Visitors to Oregon state parks in 2016 contributed $1.1 billion to the state's economy and supported 16,000 full- and part-time jobs, according to a report released today by the Oregon Parks and Recreation Department (OPRD).
The report, Economic Activity from Recreation Use of Oregon State Park Properties -- System Report, measures how communities near parks benefited economically from the 54 million-plus visits to state parks in 2016. Visitor spending supported 16,000 full-and part-time jobs statewide, equating to a combined salary of $550 million.
"The report clearly shows that Oregon's state parks are more than great places to visit, but also a vital economic engine for local economies across the state," said OPRD recreation planner Terry Bergerson.
OPRD's analysis of the report found that each dollar invested in the Oregon State Parks system generates $30.50 in related economic activity.
OPRD commissioned economist Eric White, a research social scientist with the USDA Forest Service Pacific Northwest Research Station, to prepare the report at a cost of $45,697 over a six year period. White analyzed survey responses from more than 18,000 visitors from 84 park properties. OPRD conducted the surveys from 2011-2016.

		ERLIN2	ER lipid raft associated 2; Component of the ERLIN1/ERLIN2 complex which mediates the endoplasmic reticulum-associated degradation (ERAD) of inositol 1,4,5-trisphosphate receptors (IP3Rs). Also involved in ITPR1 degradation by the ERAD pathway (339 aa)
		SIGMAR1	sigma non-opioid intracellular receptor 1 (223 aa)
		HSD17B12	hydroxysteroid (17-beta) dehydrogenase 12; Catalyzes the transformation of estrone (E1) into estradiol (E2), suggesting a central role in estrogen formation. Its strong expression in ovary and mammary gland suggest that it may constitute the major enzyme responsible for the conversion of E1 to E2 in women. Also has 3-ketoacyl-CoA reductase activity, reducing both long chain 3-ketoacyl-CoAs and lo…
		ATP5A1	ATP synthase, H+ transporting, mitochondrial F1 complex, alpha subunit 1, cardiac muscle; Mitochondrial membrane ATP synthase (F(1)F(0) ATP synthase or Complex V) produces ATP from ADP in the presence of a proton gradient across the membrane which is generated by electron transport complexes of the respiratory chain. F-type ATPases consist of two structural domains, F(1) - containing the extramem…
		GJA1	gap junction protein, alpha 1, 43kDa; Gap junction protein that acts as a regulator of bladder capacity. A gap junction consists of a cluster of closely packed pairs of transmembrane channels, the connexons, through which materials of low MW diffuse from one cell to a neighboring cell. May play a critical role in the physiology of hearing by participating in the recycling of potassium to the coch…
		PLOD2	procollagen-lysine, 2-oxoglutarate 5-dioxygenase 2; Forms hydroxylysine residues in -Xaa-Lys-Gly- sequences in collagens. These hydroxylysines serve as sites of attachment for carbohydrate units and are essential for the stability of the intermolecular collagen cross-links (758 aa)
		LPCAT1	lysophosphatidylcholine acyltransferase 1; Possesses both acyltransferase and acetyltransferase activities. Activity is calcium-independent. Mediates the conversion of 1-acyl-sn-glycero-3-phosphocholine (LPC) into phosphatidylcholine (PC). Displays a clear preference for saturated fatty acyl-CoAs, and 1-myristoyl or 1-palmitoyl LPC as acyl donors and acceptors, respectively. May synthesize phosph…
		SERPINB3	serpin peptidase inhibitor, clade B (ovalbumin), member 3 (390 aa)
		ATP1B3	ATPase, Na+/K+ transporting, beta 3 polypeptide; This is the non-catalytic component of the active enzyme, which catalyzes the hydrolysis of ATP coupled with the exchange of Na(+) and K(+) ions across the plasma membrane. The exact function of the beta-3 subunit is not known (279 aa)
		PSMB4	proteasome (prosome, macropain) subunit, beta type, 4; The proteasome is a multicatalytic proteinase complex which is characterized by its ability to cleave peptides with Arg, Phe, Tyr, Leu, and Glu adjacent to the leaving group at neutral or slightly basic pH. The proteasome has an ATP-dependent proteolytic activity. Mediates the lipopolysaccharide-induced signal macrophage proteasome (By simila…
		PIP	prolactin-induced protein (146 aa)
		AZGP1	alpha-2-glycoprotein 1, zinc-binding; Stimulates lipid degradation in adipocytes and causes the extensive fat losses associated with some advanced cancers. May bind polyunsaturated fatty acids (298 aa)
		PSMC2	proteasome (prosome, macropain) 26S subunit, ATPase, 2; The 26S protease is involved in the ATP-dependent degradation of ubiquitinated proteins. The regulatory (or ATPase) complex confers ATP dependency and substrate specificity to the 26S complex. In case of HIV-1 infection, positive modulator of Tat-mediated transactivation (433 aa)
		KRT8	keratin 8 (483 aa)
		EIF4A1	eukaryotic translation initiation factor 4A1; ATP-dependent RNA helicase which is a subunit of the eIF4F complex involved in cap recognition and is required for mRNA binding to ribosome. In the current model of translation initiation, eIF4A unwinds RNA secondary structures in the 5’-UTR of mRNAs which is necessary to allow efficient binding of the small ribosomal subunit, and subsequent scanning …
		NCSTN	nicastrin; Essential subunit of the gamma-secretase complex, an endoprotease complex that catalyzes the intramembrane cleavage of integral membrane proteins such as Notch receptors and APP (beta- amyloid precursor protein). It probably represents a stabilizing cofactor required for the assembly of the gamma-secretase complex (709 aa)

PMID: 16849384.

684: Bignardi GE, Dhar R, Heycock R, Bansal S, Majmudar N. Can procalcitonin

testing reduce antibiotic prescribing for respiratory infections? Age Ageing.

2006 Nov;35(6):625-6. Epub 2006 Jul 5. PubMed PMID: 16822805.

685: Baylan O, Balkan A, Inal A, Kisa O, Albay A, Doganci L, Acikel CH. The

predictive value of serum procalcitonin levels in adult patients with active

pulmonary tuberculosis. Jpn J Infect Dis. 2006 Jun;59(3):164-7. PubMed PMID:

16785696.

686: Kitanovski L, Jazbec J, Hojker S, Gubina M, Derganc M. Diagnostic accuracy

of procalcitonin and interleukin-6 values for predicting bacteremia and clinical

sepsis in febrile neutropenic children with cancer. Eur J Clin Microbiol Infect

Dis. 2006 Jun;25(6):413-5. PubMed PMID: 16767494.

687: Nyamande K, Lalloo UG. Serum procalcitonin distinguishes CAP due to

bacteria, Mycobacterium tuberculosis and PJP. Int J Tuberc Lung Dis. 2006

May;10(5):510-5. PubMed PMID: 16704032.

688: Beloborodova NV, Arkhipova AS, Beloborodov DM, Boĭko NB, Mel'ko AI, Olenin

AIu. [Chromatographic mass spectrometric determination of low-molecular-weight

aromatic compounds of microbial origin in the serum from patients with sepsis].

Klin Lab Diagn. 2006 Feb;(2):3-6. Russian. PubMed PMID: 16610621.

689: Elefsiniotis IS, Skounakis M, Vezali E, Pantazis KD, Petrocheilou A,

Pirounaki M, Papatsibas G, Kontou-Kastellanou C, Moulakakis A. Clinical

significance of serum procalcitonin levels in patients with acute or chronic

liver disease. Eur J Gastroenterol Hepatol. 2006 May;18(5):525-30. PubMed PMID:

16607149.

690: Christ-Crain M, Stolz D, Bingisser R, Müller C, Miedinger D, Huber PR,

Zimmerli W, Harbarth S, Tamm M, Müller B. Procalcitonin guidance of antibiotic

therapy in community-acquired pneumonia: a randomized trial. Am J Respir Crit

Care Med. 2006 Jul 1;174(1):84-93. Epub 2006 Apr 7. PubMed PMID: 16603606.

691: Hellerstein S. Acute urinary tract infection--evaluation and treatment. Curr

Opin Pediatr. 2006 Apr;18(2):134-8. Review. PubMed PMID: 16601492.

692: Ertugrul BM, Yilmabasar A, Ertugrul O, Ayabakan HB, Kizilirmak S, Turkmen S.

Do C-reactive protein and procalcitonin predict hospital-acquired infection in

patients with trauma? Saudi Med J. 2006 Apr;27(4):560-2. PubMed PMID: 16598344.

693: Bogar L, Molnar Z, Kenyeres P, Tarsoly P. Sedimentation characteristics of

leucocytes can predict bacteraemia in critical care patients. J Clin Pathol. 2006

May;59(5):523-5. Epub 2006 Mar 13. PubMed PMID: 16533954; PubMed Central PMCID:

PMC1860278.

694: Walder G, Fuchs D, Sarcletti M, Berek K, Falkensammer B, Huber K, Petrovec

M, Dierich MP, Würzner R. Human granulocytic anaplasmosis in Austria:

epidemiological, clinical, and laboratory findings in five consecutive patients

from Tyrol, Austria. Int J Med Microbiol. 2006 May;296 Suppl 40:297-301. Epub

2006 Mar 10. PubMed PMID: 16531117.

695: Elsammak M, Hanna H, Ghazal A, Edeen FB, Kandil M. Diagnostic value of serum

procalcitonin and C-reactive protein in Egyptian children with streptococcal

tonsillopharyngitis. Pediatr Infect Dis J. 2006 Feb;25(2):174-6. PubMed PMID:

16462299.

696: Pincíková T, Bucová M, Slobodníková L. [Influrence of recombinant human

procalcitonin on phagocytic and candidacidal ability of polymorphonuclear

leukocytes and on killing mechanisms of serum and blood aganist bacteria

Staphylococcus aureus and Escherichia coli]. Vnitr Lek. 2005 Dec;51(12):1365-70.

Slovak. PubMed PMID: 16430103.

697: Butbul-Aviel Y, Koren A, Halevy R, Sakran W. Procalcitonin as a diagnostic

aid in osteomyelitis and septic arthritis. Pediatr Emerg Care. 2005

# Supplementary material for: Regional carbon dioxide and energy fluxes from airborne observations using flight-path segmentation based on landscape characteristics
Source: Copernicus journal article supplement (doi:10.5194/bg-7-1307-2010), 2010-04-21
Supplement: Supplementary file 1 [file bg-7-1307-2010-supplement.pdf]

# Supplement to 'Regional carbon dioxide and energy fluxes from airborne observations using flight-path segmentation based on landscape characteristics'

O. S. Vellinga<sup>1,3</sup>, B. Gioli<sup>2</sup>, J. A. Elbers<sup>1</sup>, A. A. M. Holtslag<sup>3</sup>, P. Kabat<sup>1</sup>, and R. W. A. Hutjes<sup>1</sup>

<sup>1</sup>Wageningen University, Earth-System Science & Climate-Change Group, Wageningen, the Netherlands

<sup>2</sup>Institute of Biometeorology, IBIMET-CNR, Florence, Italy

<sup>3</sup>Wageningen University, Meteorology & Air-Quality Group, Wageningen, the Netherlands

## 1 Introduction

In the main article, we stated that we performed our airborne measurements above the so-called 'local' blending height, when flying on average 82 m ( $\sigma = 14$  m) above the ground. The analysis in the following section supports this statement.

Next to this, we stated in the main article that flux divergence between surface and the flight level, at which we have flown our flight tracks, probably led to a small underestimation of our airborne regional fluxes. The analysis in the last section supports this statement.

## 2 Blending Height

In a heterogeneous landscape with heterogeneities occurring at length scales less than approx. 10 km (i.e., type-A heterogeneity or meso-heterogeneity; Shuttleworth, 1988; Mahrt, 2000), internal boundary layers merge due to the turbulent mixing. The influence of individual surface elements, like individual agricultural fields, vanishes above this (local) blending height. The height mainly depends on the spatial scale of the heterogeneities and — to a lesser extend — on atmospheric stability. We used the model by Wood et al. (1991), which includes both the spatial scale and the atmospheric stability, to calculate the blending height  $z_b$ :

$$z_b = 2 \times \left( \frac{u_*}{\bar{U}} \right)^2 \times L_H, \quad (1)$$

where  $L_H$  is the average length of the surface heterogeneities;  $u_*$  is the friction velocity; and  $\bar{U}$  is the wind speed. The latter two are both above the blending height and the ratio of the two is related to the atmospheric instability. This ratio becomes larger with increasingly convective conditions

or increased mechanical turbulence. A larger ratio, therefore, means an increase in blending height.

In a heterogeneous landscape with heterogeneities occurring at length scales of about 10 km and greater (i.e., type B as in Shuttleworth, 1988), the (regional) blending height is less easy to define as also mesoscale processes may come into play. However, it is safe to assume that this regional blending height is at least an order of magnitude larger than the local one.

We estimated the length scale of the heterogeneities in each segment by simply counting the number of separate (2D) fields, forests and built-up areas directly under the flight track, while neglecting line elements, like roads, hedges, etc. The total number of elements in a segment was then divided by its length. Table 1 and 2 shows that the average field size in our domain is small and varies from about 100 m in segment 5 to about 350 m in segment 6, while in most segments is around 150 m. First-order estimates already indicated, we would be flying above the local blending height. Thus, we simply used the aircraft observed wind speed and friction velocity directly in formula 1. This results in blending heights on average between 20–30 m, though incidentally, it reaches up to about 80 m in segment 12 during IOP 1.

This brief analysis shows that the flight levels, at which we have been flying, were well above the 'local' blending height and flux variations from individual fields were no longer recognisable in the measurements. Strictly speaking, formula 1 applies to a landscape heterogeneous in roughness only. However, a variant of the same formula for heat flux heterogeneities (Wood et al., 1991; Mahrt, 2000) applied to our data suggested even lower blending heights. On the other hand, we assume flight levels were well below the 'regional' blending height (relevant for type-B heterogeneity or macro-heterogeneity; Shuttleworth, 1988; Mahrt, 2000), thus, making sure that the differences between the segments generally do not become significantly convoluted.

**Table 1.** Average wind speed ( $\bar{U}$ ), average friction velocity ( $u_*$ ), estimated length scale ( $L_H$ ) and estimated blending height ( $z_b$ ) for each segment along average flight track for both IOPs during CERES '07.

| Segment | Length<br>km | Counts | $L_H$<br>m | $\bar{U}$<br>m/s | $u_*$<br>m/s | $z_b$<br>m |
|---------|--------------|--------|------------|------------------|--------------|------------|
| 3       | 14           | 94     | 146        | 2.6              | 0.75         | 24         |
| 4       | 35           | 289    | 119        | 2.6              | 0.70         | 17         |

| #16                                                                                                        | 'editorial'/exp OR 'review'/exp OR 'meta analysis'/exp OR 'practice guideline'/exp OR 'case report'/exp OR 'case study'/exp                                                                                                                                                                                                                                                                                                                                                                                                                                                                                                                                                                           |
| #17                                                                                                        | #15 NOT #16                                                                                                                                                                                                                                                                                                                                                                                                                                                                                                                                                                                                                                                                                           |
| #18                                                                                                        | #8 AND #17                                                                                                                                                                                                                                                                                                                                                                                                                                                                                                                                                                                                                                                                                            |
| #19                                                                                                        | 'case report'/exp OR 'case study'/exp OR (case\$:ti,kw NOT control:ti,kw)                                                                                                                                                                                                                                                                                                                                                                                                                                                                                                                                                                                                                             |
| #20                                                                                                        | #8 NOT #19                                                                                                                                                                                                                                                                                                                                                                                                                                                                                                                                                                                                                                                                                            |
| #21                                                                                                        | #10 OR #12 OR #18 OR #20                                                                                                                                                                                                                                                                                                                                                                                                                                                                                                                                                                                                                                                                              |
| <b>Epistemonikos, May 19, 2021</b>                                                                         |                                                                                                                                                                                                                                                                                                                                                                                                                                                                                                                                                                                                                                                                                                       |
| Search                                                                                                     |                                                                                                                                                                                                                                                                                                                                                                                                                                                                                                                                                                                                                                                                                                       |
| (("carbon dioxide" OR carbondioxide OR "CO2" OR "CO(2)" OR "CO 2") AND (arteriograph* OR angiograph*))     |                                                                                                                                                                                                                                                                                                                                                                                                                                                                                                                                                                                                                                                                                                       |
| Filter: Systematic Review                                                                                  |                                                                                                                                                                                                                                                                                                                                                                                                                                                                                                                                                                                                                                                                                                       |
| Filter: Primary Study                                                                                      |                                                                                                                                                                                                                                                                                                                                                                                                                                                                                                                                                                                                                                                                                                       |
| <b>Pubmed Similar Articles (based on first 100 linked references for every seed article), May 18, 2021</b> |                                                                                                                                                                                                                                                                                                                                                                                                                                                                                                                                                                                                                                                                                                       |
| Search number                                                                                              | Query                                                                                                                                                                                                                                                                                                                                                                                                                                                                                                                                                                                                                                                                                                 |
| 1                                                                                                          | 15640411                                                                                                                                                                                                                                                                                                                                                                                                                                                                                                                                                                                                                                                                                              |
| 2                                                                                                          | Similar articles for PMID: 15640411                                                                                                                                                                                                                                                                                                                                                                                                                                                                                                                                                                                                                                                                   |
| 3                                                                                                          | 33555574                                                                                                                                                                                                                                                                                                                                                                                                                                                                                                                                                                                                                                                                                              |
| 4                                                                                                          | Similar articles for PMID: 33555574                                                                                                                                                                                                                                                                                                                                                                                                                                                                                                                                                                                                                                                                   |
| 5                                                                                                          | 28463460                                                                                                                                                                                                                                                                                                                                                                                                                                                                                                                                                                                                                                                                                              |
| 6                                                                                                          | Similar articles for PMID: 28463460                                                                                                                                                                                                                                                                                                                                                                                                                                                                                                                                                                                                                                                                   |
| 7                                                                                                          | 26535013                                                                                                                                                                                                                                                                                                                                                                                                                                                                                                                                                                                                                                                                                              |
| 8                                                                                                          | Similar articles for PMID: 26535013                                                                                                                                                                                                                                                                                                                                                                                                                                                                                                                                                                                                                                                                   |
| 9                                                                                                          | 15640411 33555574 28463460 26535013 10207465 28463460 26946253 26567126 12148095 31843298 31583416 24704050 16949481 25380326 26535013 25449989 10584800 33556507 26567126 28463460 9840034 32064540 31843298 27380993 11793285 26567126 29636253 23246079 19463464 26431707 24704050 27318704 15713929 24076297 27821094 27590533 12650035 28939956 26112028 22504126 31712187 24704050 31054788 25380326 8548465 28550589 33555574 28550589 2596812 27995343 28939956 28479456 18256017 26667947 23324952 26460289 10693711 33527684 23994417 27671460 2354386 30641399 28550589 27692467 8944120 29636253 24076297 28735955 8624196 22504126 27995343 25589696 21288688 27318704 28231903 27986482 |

"We wanted to measure the economic benefits state parks bring to the state," said OPRD Director Lisa Sumption. "The findings are clear: when state parks succeed, so do Oregon communities. We want to keep it that way, so we continue to look at what we can do to improve visitors' experiences."
The report provides information by region and by park. Coastal parks had the greatest number of visits and slightly higher levels of average spending, accounting for about half of the total statewide spending.
Silver Falls State Park provided the largest economic boost, with 1.4 million visits contributing $58.4 million to the local economy. Fort Stevens State Park followed with $40.1 million, and Yaquina Bay State Recreation Site with $34.8 million.
"State parks are also an important side trip during many recreation outings," White said. "We estimate visitors spend about $245 million in local communities during those side trips."
Other key findings include:
The full report is available at http://bit.ly/OPRDRecreationEconomicReport.